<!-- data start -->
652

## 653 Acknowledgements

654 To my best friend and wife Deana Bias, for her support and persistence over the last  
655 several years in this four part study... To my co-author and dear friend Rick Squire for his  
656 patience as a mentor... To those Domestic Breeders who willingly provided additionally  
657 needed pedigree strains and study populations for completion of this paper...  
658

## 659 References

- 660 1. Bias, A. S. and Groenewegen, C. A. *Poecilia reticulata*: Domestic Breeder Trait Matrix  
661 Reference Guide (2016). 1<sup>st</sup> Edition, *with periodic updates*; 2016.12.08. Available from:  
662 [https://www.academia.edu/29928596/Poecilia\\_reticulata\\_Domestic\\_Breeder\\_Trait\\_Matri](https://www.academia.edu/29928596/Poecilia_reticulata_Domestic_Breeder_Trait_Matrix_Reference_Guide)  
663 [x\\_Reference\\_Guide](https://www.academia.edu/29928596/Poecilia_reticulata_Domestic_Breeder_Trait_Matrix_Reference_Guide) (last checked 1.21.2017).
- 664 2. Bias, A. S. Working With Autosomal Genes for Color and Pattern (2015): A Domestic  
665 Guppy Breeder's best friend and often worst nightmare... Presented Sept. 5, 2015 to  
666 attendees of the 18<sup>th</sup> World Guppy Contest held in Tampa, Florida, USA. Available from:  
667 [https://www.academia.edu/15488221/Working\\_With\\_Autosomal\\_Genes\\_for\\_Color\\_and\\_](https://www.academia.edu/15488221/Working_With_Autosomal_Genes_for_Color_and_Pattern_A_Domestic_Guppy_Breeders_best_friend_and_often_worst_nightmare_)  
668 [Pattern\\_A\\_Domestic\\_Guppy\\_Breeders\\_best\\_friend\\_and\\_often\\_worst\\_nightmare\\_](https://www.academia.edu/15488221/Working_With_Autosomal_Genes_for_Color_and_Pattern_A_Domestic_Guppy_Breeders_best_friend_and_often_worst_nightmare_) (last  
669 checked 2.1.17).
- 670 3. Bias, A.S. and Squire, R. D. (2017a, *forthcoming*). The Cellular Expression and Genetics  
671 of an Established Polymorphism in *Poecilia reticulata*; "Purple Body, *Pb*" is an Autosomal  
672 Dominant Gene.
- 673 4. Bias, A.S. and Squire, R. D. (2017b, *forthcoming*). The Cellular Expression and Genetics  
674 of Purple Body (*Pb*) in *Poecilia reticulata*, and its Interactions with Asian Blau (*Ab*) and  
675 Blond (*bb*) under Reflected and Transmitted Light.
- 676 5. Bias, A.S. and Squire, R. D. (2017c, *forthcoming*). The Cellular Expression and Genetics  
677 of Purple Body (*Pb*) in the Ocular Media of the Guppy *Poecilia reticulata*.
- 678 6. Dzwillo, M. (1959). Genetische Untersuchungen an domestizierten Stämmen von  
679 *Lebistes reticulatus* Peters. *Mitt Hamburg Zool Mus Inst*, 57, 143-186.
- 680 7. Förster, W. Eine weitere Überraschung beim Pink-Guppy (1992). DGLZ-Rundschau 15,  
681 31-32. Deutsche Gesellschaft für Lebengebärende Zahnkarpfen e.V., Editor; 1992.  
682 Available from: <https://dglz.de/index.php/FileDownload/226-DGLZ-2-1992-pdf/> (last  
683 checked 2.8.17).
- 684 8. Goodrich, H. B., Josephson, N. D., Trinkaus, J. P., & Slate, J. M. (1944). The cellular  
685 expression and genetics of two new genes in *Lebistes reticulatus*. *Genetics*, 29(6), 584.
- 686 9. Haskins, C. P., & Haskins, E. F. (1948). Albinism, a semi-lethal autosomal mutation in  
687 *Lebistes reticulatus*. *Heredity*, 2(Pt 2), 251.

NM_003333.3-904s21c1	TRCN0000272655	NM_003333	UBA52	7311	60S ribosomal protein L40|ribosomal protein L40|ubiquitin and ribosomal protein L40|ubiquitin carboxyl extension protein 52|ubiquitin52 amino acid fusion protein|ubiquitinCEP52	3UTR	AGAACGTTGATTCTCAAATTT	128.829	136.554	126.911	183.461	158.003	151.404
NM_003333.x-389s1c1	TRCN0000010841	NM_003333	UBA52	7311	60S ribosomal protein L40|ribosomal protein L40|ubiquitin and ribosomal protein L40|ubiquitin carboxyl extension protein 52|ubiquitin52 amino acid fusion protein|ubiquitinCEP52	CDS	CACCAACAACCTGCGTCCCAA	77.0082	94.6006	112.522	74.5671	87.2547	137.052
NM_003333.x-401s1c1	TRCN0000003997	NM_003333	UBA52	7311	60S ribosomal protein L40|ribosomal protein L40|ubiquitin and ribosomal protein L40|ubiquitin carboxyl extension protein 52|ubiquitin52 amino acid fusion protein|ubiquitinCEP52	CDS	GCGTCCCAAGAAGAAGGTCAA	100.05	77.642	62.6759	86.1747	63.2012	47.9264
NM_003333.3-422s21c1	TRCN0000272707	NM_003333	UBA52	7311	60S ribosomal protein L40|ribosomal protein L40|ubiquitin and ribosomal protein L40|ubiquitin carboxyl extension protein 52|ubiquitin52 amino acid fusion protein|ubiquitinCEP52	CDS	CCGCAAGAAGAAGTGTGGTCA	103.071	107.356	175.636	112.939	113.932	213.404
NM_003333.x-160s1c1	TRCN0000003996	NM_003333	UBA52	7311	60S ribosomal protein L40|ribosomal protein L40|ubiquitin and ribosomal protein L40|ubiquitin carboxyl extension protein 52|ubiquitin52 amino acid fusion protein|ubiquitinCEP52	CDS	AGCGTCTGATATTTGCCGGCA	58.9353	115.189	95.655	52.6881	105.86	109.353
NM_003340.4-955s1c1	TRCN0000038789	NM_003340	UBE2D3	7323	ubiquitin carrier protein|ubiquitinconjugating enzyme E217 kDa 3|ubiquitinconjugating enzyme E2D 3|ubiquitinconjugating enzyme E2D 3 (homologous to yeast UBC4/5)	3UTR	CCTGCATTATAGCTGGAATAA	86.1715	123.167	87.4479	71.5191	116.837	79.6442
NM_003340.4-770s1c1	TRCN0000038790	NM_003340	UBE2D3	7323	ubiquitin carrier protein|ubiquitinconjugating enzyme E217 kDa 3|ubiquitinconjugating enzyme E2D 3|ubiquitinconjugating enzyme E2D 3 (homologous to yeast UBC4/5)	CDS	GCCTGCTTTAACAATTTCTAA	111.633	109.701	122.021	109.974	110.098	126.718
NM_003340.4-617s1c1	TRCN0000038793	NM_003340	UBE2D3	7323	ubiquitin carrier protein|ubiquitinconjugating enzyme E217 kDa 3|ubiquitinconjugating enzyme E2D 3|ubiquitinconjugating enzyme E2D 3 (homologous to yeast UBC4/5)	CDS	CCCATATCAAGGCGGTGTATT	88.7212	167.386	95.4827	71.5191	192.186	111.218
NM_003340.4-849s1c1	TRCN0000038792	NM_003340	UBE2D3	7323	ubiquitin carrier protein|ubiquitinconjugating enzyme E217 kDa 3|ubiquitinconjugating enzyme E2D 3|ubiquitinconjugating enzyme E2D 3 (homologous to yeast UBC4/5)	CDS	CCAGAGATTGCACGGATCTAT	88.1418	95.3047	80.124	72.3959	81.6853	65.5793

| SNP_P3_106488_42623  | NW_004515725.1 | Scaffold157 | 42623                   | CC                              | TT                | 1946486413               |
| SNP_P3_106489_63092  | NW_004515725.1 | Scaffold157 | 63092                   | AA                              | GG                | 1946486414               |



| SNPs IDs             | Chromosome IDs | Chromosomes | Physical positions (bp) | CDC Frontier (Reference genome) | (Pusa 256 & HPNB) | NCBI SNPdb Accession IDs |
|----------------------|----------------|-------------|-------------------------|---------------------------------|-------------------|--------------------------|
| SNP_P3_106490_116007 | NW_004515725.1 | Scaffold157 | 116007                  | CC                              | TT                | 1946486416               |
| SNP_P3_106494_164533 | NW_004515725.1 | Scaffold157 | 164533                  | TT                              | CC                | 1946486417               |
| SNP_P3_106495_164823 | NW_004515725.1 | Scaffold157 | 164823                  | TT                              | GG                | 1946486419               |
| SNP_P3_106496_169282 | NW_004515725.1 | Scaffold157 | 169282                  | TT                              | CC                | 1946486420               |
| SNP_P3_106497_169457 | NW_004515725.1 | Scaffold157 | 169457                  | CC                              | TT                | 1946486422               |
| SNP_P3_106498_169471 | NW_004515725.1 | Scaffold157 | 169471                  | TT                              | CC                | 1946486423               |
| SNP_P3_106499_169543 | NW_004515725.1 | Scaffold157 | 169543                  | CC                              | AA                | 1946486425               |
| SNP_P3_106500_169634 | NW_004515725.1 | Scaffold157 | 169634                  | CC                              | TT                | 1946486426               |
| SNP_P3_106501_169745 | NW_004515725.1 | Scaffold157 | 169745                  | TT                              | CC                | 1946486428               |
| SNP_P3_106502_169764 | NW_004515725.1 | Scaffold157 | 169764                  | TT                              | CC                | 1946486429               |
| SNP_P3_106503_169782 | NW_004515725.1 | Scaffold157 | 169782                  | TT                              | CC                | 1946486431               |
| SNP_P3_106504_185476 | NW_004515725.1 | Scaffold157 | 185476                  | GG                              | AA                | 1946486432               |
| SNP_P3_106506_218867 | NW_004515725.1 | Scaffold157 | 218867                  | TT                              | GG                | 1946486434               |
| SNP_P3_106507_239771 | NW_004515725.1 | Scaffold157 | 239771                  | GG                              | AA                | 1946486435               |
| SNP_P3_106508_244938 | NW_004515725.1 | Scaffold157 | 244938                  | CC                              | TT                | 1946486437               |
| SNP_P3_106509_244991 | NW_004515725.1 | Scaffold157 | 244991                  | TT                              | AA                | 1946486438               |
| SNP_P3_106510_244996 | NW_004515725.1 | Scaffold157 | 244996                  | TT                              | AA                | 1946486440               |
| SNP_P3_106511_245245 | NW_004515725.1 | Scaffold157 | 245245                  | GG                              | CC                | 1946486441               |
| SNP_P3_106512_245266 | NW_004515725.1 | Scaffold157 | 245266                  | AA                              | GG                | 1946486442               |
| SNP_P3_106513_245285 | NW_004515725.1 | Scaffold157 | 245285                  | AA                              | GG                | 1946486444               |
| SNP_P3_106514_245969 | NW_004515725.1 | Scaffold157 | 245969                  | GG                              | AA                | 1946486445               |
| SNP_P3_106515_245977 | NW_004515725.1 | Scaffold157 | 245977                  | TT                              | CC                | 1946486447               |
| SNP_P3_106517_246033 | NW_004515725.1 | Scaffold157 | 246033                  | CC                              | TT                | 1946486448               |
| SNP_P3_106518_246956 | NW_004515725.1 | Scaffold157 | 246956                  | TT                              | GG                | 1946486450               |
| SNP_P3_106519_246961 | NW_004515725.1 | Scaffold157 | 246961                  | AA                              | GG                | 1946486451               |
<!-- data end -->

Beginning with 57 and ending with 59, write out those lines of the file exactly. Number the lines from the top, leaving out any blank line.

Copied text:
| SNP_P3_106500_169634 | NW_004515725.1 | Scaffold157 | 169634                  | CC                              | TT                | 1946486426               |
| SNP_P3_106501_169745 | NW_004515725.1 | Scaffold157 | 169745                  | TT                              | CC                | 1946486428               |
| SNP_P3_106502_169764 | NW_004515725.1 | Scaffold157 | 169764                  | TT                              | CC                | 1946486429               |